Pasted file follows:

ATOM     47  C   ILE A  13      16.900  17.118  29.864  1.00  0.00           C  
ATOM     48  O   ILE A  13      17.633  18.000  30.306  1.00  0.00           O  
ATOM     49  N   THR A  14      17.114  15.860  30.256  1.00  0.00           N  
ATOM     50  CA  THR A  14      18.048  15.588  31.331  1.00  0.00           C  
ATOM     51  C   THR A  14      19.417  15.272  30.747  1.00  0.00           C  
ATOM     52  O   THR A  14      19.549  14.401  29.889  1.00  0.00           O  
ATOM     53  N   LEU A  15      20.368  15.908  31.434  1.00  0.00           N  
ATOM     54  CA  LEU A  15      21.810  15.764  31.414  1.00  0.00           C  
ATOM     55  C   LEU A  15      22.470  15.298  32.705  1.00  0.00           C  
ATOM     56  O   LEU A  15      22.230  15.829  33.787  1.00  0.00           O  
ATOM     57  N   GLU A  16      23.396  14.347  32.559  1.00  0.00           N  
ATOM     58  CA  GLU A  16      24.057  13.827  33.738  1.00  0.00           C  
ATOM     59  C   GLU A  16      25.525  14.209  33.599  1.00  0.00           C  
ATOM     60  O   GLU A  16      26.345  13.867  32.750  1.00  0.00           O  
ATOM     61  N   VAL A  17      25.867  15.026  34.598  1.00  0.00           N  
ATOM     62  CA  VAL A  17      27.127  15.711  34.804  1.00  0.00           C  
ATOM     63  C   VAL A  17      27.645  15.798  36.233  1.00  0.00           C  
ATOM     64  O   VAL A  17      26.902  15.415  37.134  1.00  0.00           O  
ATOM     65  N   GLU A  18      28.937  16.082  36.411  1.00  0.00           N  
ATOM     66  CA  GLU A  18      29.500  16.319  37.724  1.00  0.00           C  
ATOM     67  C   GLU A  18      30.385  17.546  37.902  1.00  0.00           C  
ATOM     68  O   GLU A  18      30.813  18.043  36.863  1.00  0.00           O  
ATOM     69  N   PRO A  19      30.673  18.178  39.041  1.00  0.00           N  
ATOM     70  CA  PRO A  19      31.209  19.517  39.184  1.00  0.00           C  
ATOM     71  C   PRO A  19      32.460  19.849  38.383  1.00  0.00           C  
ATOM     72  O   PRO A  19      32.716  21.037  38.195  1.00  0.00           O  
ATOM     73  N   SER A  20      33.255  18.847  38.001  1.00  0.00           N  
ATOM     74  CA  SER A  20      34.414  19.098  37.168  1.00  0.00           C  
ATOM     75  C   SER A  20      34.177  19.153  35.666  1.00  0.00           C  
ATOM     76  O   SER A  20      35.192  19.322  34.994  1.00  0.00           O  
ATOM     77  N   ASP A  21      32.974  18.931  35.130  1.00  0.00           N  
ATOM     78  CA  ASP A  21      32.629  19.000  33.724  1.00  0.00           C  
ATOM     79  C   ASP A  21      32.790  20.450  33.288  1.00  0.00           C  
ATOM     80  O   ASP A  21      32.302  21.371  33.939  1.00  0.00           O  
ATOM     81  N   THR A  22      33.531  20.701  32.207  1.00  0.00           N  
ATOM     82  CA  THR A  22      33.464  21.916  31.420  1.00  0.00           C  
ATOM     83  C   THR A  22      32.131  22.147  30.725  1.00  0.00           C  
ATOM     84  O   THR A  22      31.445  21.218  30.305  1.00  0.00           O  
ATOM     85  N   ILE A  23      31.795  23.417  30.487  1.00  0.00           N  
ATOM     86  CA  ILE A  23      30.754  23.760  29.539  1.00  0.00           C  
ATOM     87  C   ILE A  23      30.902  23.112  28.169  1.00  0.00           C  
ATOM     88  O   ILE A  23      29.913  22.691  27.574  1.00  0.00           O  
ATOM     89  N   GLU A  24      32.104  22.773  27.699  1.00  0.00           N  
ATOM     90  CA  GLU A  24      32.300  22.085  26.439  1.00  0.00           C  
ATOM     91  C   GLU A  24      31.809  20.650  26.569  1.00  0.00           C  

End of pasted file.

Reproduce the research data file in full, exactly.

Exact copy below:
ATOM     47  C   ILE A  13      16.900  17.118  29.864  1.00  0.00           C  
ATOM     48  O   ILE A  13      17.633  18.000  30.306  1.00  0.00           O  
ATOM     49  N   THR A  14      17.114  15.860  30.256  1.00  0.00           N  
ATOM     50  CA  THR A  14      18.048  15.588  31.331  1.00  0.00           C  
ATOM     51  C   THR A  14      19.417  15.272  30.747  1.00  0.00           C  
ATOM     52  O   THR A  14      19.549  14.401  29.889  1.00  0.00           O  
ATOM     53  N   LEU A  15      20.368  15.908  31.434  1.00  0.00           N  
ATOM     54  CA  LEU A  15      21.810  15.764  31.414  1.00  0.00           C  
ATOM     55  C   LEU A  15      22.470  15.298  32.705  1.00  0.00           C  
ATOM     56  O   LEU A  15      22.230  15.829  33.787  1.00  0.00           O  
ATOM     57  N   GLU A  16      23.396  14.347  32.559  1.00  0.00           N  
ATOM     58  CA  GLU A  16      24.057  13.827  33.738  1.00  0.00           C  
ATOM     59  C   GLU A  16      25.525  14.209  33.599  1.00  0.00           C  
ATOM     60  O   GLU A  16      26.345  13.867  32.750  1.00  0.00           O  
ATOM     61  N   VAL A  17      25.867  15.026  34.598  1.00  0.00           N  
ATOM     62  CA  VAL A  17      27.127  15.711  34.804  1.00  0.00           C  
ATOM     63  C   VAL A  17      27.645  15.798  36.233  1.00  0.00           C  
ATOM     64  O   VAL A  17      26.902  15.415  37.134  1.00  0.00           O  
ATOM     65  N   GLU A  18      28.937  16.082  36.411  1.00  0.00           N  
ATOM     66  CA  GLU A  18      29.500  16.319  37.724  1.00  0.00           C  
ATOM     67  C   GLU A  18      30.385  17.546  37.902  1.00  0.00           C  
ATOM     68  O   GLU A  18      30.813  18.043  36.863  1.00  0.00           O  
ATOM     69  N   PRO A  19      30.673  18.178  39.041  1.00  0.00           N  
ATOM     70  CA  PRO A  19      31.209  19.517  39.184  1.00  0.00           C  
ATOM     71  C   PRO A  19      32.460  19.849  38.383  1.00  0.00           C  
ATOM     72  O   PRO A  19      32.716  21.037  38.195  1.00  0.00           O  
ATOM     73  N   SER A  20      33.255  18.847  38.001  1.00  0.00           N  
ATOM     74  CA  SER A  20      34.414  19.098  37.168  1.00  0.00           C  
ATOM     75  C   SER A  20      34.177  19.153  35.666  1.00  0.00           C  
ATOM     76  O   SER A  20      35.192  19.322  34.994  1.00  0.00           O  
ATOM     77  N   ASP A  21      32.974  18.931  35.130  1.00  0.00           N  
ATOM     78  CA  ASP A  21      32.629  19.000  33.724  1.00  0.00           C  
ATOM     79  C   ASP A  21      32.790  20.450  33.288  1.00  0.00           C  
ATOM     80  O   ASP A  21      32.302  21.371  33.939  1.00  0.00           O  
ATOM     81  N   THR A  22      33.531  20.701  32.207  1.00  0.00           N  
ATOM     82  CA  THR A  22      33.464  21.916  31.420  1.00  0.00           C  
ATOM     83  C   THR A  22      32.131  22.147  30.725  1.00  0.00           C  
ATOM     84  O   THR A  22      31.445  21.218  30.305  1.00  0.00           O  
ATOM     85  N   ILE A  23      31.795  23.417  30.487  1.00  0.00           N  
ATOM     86  CA  ILE A  23      30.754  23.760  29.539  1.00  0.00           C  
ATOM     87  C   ILE A  23      30.902  23.112  28.169  1.00  0.00           C  
ATOM     88  O   ILE A  23      29.913  22.691  27.574  1.00  0.00           O  
ATOM     89  N   GLU A  24      32.104  22.773  27.699  1.00  0.00           N  
ATOM     90  CA  GLU A  24      32.300  22.085  26.439  1.00  0.00           C  
ATOM     91  C   GLU A  24      31.809  20.650  26.569  1.00  0.00           C  